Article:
Re: my argument that genres' predominant styles and stylistic elements change over time. You would not mistake a modern musical for an opera, but neither would you mistake quite a few modern plays for a 16th-, 17th- or 18th-century play.

6:52 PM  
Blogger (((Rootless Cosmopolitan GeoX))) pontificated to the effect that...

But "opera" refers to a very specific kind of thing. "Play" is much more general and is used much more broadly.. This isn't me redefining words; it's just how these things have always worked. A modern opera has much more in common with a seventeenth-century opera than a modern non-musical drama does with a Jacobean revenge tragedy, or whatever.

10:39 PM  
Blogger (((Rootless Cosmopolitan GeoX))) pontificated to the effect that...

...I mean, I'll concede that musical theater has filled the opera-shaped hole in the Anglophone world. But that doesn't mean that the two are anything like the same thing.

1:59 PM  
Blogger Pan Miluś pontificated to the effect that...

All I know is that I'm glad you started reviewing Operas. I use to go there every weekend of the summer but sadly I have so much much work I wasn't there for the last 2-3 years :( I must up my game!

6:29 PM  
Blogger (((Rootless Cosmopolitan GeoX))) pontificated to the effect that...

Yeah! Opera rules! More young people need to get into it! Out of curiosity, is there are particular prominent Polish opera house that you went to?

1:07 PM  
Blogger Pan Miluś pontificated to the effect that...

Teatr Wielki /Opera Narodowa in Warsaw (Grand Theatre/National Opera)

https://en.wikipedia.org/wiki/Grand_Theatre,_Warsaw


If you are looking for Opera or a ballet in Poland, that's the best place to go. The rooms is darn spectacular.

You can take a virtual ture here :
https://teatrwielki.pl/wirtualnyspacer/ (sadly it's in Polish only... the English version just sent you to some photos : https://teatrwielki.pl/en/the-theatre/the-place/venues/moniuszko-auditorium/ )

12:47 AM  
Blogger (((Rootless Cosmopolitan GeoX))) pontificated to the effect that...

Rad. If I can ask another question: are there Polish-language operas that are regularly performed? I know in a theoretical sense that such things exist, but they're NEVER performed in the US and I doubt much of anyone here could even name one. I certainly couldn't.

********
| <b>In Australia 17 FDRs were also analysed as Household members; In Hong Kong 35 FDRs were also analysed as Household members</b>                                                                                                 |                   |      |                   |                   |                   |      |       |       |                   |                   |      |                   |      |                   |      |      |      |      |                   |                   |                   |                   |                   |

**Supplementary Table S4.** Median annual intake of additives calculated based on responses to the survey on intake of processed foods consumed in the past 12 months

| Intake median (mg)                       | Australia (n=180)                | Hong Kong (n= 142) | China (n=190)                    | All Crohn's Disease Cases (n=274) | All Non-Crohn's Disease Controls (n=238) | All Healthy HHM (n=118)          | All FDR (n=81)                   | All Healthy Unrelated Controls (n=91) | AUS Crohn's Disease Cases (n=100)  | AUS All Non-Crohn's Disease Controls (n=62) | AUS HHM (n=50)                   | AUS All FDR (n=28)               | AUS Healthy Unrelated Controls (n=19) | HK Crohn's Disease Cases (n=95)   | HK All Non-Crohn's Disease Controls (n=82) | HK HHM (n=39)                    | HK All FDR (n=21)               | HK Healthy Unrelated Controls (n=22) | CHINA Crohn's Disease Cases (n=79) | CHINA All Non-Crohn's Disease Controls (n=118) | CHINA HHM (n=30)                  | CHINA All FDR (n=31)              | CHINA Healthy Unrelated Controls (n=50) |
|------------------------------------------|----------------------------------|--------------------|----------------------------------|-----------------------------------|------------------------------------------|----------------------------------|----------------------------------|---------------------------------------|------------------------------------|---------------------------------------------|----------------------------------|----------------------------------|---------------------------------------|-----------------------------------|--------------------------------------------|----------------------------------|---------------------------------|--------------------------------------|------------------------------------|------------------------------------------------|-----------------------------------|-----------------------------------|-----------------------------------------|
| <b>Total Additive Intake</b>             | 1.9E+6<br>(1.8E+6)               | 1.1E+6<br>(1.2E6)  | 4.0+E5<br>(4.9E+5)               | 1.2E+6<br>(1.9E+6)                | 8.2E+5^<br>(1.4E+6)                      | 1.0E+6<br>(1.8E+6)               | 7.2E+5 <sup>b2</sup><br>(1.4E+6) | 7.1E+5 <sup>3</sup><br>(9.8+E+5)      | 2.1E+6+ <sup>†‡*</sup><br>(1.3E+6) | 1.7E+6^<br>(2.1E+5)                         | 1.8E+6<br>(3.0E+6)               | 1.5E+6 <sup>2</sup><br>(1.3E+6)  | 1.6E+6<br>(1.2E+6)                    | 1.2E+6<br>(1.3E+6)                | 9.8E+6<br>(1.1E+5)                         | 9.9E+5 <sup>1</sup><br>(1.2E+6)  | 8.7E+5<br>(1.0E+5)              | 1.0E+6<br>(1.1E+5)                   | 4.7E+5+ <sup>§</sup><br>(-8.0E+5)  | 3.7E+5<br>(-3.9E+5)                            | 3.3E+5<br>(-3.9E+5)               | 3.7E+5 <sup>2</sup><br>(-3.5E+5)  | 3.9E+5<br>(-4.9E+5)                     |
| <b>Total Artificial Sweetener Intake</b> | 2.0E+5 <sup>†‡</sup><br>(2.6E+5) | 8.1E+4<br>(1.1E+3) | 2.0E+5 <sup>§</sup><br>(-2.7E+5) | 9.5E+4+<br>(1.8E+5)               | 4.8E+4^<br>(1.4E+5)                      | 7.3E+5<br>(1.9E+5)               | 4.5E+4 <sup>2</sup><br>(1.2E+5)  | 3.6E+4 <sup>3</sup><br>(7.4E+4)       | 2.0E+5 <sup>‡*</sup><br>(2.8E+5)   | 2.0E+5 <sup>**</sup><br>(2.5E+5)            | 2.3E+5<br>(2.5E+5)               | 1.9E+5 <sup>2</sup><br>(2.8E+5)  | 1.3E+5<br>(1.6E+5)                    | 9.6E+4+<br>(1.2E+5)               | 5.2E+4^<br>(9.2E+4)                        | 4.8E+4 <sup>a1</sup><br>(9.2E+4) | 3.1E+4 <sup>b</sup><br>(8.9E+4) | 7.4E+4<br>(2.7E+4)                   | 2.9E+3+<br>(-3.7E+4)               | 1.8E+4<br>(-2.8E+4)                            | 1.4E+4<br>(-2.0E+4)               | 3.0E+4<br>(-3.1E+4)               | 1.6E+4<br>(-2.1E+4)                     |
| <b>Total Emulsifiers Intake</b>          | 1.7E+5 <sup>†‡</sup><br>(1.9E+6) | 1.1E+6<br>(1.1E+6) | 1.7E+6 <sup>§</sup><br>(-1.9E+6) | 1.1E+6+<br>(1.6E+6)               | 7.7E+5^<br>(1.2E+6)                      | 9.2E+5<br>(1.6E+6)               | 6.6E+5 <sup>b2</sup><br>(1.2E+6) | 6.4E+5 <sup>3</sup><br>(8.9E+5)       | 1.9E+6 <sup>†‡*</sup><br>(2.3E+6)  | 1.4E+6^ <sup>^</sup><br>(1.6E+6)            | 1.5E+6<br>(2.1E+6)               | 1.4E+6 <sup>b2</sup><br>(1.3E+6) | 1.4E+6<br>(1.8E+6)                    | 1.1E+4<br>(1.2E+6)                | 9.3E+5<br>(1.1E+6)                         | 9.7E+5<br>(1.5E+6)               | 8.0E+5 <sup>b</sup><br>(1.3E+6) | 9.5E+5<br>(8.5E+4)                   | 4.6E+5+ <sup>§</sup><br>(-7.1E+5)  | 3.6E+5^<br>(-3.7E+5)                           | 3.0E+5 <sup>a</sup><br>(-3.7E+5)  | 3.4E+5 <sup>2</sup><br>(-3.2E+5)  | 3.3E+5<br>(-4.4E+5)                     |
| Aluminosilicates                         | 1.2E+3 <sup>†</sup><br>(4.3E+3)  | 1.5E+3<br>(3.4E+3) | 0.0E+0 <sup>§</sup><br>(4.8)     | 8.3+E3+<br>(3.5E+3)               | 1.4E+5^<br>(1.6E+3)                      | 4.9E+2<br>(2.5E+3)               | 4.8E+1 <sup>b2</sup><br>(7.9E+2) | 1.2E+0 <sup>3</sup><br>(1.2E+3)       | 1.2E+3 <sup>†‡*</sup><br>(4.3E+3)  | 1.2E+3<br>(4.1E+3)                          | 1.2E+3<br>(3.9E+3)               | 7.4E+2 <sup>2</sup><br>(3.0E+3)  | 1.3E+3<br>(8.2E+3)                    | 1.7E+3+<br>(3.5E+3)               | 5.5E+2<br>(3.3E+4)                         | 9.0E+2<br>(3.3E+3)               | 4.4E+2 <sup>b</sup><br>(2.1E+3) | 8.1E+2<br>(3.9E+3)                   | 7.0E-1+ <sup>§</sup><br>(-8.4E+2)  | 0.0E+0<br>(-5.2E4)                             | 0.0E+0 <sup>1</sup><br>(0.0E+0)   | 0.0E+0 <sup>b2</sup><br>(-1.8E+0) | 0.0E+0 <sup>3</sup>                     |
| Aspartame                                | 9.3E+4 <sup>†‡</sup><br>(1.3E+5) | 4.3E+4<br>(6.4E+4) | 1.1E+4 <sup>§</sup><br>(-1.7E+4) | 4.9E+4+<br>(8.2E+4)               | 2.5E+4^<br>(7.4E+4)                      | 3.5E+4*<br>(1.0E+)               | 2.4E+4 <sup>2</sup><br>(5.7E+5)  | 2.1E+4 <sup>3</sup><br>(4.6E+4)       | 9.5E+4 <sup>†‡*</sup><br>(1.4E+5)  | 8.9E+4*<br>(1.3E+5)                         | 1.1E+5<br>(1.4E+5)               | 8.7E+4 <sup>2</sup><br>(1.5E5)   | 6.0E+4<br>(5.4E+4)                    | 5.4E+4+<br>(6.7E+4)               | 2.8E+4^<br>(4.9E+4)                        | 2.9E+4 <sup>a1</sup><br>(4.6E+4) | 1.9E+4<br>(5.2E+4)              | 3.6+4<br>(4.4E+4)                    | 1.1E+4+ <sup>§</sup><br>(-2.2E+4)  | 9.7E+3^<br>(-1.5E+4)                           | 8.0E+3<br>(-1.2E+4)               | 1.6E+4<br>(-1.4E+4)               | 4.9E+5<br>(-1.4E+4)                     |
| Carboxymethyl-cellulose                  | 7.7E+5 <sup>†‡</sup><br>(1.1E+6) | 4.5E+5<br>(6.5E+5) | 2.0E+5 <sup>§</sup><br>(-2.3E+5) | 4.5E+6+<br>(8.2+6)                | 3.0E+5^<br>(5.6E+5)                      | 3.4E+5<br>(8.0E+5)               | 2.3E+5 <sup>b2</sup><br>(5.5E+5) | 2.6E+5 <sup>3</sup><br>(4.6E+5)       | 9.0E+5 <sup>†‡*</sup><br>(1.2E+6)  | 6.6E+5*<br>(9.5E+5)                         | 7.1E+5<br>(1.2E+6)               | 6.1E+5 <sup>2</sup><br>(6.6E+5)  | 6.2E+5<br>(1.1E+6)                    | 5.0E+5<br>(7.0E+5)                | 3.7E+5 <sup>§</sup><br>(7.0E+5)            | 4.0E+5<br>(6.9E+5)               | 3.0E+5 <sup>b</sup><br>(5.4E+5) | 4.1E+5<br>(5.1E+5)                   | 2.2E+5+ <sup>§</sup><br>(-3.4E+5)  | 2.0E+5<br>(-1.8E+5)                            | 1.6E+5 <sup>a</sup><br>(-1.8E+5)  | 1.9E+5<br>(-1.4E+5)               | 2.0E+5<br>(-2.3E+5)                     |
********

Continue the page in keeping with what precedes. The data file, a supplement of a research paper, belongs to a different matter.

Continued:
1:06 PM  
Blogger Pan Miluś pontificated to the effect that...

Well, there are "STRASZNY DWÓR" and "HALKA" which are unquestioned local classics so you don't have to look far to find inscenisation, as well " Krakowiacy i Górale" but that's more of vodvilian Opera.


(BTW - One adaptation of "Halka" was was propably the ONLY example I can think of in aforementioned Grand Theatre where they got a "OH, MY GOSH! I'M SO VANUARD" director to make their own take on the classic... All the stuff I've seen there tries to stick and be faithtfull in their inscenisation as possible, takes it seriously and just tries to give you a powerfull expiriance. Here someone made a variation on Halka where they try to modern things-up, make it all wird and psychodelic and add bunch of pretentioous themes and commentaries... and even add uh... skateboarding sequence... and I recall it being unberable in the second half with how "Look, what artsy and modern update we are doing!" it was. It's like when I seen Macbeth when they put everything in modern times, add curses and modern slangs to the dialog and replace the witches with some kids playing trading cards... Not that you can't make an interesting modern take but It was just dumb.)


To be fair I mostly went to see the internatinal classics, so it was mostly in Italian or German etc. so there are proapbly a lot of obscure Polish Opera's I overlooked that preform from time to time - they just don't have names that ring you a bell.

12:19 AM